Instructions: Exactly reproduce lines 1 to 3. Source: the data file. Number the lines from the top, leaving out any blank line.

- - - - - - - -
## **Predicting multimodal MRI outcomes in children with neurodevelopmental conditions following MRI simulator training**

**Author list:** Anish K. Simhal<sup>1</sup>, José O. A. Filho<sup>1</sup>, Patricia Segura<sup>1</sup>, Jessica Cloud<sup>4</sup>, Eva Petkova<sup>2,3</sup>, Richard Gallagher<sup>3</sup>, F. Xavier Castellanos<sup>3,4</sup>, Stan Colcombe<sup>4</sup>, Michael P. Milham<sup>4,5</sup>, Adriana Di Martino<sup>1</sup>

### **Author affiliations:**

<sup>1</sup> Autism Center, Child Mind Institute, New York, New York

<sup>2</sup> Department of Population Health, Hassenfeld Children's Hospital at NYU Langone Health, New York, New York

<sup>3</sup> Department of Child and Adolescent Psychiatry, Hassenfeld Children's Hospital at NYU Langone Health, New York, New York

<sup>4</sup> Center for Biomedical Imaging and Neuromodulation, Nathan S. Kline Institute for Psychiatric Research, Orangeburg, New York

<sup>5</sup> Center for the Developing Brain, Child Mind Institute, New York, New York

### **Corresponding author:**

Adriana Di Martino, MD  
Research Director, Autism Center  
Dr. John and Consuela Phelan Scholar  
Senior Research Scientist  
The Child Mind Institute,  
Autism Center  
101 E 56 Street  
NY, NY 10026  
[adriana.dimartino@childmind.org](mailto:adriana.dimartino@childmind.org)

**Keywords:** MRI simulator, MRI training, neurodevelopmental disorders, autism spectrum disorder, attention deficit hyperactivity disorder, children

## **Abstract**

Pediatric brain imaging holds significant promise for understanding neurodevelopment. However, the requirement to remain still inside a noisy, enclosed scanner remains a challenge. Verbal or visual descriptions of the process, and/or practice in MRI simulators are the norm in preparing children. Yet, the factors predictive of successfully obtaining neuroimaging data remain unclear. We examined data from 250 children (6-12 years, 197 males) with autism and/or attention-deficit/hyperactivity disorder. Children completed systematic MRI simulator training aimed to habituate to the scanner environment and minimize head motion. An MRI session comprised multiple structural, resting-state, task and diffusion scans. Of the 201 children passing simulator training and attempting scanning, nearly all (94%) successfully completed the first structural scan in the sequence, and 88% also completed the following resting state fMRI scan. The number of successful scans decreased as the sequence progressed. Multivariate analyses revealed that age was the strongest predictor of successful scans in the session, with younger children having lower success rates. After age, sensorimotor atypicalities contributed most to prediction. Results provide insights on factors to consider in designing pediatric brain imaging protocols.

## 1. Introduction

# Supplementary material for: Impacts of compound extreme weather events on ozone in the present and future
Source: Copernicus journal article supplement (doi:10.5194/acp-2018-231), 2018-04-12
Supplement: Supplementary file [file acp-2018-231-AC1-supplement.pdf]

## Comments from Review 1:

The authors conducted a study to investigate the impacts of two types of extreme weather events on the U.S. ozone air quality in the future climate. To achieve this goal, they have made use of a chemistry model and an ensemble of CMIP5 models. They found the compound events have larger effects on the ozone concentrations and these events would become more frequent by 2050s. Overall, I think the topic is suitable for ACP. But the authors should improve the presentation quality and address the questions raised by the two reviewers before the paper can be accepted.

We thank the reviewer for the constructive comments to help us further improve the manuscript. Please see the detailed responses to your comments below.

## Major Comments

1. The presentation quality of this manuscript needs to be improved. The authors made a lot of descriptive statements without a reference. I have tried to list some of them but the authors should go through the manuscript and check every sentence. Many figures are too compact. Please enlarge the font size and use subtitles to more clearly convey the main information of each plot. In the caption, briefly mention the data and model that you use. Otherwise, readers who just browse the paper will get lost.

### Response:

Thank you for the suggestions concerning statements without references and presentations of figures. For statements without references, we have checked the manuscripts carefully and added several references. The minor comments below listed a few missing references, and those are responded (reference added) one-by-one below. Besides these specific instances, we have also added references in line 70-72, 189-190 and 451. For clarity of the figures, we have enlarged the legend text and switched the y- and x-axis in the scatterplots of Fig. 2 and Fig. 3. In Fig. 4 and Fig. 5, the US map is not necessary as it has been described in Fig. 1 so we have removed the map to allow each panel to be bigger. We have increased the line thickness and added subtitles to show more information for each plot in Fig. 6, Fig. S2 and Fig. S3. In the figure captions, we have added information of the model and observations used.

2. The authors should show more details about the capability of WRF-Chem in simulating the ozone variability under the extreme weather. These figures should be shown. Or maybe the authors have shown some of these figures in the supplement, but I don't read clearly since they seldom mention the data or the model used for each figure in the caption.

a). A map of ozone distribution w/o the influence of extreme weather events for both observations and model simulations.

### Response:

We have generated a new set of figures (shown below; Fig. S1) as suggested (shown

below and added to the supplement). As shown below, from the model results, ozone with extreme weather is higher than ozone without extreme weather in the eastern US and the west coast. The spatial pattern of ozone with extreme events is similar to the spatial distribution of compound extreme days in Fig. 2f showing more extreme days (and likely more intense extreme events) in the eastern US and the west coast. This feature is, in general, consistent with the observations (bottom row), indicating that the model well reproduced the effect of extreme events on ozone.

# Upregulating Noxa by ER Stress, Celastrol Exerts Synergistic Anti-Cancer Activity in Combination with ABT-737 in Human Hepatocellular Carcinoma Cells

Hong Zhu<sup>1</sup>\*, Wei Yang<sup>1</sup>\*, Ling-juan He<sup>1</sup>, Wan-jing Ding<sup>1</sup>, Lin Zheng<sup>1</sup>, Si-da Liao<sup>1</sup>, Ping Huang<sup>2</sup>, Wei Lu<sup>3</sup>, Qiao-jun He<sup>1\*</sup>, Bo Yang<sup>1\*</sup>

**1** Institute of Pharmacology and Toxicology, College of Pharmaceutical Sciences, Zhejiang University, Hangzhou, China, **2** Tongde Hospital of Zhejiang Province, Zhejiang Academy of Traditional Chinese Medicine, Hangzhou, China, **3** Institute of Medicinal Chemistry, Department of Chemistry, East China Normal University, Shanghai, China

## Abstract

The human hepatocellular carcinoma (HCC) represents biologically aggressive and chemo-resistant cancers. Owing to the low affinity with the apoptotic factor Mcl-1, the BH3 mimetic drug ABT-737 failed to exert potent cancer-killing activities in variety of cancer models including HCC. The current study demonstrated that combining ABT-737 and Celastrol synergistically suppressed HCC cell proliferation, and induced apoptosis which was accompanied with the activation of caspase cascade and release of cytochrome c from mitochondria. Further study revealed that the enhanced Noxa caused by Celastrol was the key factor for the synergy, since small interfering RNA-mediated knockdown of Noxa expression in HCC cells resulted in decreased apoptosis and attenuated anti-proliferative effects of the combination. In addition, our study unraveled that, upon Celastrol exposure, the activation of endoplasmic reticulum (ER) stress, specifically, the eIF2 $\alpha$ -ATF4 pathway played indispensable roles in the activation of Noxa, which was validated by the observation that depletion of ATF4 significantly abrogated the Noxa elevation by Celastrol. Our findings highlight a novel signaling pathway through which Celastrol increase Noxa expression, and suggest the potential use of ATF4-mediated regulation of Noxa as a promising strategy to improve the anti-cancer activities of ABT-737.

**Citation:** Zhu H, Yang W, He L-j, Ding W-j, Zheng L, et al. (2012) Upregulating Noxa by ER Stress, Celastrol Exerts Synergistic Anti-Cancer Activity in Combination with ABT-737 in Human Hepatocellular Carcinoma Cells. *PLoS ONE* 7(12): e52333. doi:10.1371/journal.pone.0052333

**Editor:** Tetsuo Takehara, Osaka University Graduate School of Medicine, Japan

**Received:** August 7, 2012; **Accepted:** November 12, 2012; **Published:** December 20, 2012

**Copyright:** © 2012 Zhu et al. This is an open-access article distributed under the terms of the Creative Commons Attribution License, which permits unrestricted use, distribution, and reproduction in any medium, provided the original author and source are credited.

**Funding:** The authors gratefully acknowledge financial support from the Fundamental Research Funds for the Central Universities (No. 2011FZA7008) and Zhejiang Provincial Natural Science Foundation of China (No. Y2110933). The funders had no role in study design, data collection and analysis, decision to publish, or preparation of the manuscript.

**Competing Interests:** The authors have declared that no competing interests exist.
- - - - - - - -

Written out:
## **Predicting multimodal MRI outcomes in children with neurodevelopmental conditions following MRI simulator training**

**Author list:** Anish K. Simhal<sup>1</sup>, José O. A. Filho<sup>1</sup>, Patricia Segura<sup>1</sup>, Jessica Cloud<sup>4</sup>, Eva Petkova<sup>2,3</sup>, Richard Gallagher<sup>3</sup>, F. Xavier Castellanos<sup>3,4</sup>, Stan Colcombe<sup>4</sup>, Michael P. Milham<sup>4,5</sup>, Adriana Di Martino<sup>1</sup>

### **Author affiliations:**